To the hospitals and medical groups overwhelmed by a crush of uninsured patients, it seems like a sensible idea: ask voters to agree to a small charge on their phone bill to help keep emergency rooms open.
Their goal with Proposition 67 on the November ballot is to stabilize an emergency room and trauma center system in danger of collapse. Since the start of 2004, six facilities in Los Angeles County have shut down or announced they would close by the end of the year. Sixty-five have shut down statewide within the last decade.
“We have ambulances lined up with sick people,” said Kacey Hansen, a trauma nurse at John Muir Medical Center in Walnut Creek. “There are enormous waits to get into the emergency room. Patients are in the hallways. We are there. This is the collapse we have been expecting.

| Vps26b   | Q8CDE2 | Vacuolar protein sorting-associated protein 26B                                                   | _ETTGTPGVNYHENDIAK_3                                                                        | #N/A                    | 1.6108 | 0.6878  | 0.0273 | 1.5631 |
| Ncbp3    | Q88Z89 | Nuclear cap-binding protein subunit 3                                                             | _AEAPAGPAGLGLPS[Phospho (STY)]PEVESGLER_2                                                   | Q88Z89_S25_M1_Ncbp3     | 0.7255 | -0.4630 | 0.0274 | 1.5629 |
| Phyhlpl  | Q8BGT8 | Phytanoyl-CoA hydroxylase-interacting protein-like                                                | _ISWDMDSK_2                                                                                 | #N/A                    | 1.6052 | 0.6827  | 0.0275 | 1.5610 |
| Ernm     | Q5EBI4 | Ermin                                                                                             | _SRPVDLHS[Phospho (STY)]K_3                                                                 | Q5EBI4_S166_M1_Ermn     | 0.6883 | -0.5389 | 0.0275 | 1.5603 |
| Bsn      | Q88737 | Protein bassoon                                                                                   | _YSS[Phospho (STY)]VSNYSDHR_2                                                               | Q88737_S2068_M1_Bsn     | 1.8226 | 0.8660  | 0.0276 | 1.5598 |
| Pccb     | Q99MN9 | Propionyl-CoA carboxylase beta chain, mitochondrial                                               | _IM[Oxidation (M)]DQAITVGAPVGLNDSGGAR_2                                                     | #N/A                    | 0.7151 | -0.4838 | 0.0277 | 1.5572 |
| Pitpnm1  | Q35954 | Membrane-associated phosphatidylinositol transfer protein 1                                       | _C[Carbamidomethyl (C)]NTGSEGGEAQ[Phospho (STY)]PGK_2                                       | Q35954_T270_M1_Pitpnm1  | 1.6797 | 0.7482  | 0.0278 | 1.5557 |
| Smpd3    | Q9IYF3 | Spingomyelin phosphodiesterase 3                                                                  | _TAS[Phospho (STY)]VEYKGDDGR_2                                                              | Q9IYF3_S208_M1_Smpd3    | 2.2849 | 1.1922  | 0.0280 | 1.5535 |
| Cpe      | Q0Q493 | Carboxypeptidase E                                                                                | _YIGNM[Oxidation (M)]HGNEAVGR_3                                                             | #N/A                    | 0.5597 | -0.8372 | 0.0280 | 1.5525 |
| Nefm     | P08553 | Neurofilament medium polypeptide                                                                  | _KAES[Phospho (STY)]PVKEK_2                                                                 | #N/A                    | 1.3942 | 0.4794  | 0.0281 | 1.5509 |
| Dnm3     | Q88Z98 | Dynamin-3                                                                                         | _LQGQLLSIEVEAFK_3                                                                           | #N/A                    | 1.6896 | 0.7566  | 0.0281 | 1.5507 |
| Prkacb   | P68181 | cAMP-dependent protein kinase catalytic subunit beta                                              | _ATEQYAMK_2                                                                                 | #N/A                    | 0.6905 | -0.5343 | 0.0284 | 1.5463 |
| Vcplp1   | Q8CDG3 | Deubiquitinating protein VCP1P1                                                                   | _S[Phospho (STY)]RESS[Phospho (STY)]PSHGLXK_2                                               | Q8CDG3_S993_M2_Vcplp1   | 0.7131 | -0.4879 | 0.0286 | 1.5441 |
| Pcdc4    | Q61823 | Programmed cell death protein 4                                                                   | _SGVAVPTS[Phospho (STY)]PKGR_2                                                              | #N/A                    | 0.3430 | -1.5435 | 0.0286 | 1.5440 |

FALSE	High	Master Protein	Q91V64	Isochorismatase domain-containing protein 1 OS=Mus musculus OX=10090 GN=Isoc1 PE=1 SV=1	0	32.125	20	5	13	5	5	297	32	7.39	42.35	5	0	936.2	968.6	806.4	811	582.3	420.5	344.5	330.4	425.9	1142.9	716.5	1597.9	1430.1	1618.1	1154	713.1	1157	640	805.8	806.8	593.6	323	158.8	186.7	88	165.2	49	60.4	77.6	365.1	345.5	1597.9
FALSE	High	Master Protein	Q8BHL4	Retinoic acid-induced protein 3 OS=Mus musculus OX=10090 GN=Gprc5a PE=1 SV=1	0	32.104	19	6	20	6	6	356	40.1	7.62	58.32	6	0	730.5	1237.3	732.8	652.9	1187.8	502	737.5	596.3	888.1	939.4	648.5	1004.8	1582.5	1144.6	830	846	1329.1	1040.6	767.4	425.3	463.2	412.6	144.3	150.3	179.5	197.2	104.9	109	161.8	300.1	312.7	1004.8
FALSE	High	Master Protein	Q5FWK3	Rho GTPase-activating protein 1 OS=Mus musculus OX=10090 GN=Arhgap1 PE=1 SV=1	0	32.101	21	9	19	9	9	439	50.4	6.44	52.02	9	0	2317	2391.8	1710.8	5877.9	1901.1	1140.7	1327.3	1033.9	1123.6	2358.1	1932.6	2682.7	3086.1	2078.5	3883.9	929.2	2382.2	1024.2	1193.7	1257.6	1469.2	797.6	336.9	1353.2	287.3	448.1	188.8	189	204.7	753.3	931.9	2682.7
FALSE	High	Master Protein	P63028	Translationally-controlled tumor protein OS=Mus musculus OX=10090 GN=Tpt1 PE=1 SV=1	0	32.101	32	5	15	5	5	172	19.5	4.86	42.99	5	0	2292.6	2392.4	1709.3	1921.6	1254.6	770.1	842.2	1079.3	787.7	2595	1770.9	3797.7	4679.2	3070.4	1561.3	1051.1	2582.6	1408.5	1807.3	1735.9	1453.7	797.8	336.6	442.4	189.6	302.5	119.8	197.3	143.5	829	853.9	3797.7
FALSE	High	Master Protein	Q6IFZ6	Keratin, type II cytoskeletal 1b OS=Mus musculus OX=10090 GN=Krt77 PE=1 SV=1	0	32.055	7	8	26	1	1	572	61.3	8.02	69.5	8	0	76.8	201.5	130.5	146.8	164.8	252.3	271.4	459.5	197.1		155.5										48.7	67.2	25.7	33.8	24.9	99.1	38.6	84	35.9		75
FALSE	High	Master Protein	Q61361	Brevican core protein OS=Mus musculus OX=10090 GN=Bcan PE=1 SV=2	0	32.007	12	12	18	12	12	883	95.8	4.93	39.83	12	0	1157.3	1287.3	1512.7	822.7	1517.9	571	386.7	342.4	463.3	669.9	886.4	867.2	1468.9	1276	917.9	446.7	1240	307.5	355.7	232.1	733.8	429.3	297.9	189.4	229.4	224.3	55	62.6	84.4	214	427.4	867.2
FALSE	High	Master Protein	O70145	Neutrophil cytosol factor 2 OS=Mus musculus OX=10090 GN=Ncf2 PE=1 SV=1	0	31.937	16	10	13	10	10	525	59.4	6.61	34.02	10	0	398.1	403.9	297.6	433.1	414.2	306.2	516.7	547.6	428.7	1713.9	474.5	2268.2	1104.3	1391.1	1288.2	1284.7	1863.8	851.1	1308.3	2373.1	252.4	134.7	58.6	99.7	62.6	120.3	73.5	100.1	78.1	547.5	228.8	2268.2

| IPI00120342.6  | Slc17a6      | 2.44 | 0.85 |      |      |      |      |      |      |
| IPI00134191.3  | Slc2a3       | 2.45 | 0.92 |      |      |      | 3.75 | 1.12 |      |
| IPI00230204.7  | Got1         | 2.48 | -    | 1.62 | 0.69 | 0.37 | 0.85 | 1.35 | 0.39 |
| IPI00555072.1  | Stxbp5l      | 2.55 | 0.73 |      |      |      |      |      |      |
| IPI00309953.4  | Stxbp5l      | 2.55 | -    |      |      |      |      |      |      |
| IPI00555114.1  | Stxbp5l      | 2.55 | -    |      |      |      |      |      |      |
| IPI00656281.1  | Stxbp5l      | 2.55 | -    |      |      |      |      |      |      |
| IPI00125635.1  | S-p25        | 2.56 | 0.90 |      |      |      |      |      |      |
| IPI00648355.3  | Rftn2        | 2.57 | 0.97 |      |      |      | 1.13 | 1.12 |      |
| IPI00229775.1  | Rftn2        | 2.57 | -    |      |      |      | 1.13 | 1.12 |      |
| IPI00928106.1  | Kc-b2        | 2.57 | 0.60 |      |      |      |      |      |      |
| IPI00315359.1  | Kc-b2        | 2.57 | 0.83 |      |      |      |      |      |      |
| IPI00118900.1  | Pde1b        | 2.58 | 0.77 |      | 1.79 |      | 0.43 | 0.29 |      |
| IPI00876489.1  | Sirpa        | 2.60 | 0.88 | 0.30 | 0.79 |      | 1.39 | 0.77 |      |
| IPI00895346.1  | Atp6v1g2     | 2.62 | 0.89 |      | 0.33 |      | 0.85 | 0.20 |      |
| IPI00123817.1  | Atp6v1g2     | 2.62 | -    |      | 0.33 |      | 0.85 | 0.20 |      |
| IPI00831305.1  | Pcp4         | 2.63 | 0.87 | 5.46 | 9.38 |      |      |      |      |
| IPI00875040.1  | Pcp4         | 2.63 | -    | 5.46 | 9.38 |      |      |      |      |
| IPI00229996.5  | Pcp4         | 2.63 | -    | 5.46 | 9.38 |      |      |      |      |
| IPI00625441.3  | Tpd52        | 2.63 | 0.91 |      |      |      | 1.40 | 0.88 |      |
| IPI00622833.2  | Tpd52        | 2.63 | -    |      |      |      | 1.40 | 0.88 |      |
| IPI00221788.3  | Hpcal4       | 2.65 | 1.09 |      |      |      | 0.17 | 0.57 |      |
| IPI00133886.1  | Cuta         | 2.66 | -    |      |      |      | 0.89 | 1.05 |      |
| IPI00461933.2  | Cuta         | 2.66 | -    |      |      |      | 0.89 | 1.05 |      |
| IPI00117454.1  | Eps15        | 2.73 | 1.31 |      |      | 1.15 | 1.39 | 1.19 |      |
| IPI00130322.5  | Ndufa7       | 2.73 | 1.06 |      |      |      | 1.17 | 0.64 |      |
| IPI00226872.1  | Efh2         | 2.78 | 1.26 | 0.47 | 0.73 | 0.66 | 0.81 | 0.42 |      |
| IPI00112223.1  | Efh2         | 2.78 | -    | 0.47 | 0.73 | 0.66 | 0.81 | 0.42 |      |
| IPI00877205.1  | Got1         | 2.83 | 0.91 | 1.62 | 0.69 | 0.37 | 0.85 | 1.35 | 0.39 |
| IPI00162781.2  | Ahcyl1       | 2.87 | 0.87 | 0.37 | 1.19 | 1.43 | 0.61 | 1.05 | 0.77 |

“I don’t think the public understands really how tentative the situation is,” she said.
Yet voters thus far appear to be lukewarm to the idea of paying a few more quarters on their monthly phone bill to stop the hemorrhaging.
Analysts say the people behind Proposition 67 might have picked the wrong tax.
“The fundamental problem is they picked a tax that is coming out of a lot of pockets,” Democratic political consultant Darry Sragow said. “Phone bills are already a source of great annoyance to customers. They have a laundry list of odd things on them.”
It hasn’t helped that both the Republican and Democratic parties, as well as a number of public safety organizations, have sided with the phone companies in a well-financed fight against the measure. Opponents question taxing a service with little connection to hospitals to pay for emergency care, and they are skeptical of how the state’s hospitals would manage the $500 million the measure seeks to raise.
“This is as absurd as saying we should tax strawberries to pay for road construction,” said Todd Harris, spokesman for the group Stop the Phone Tax.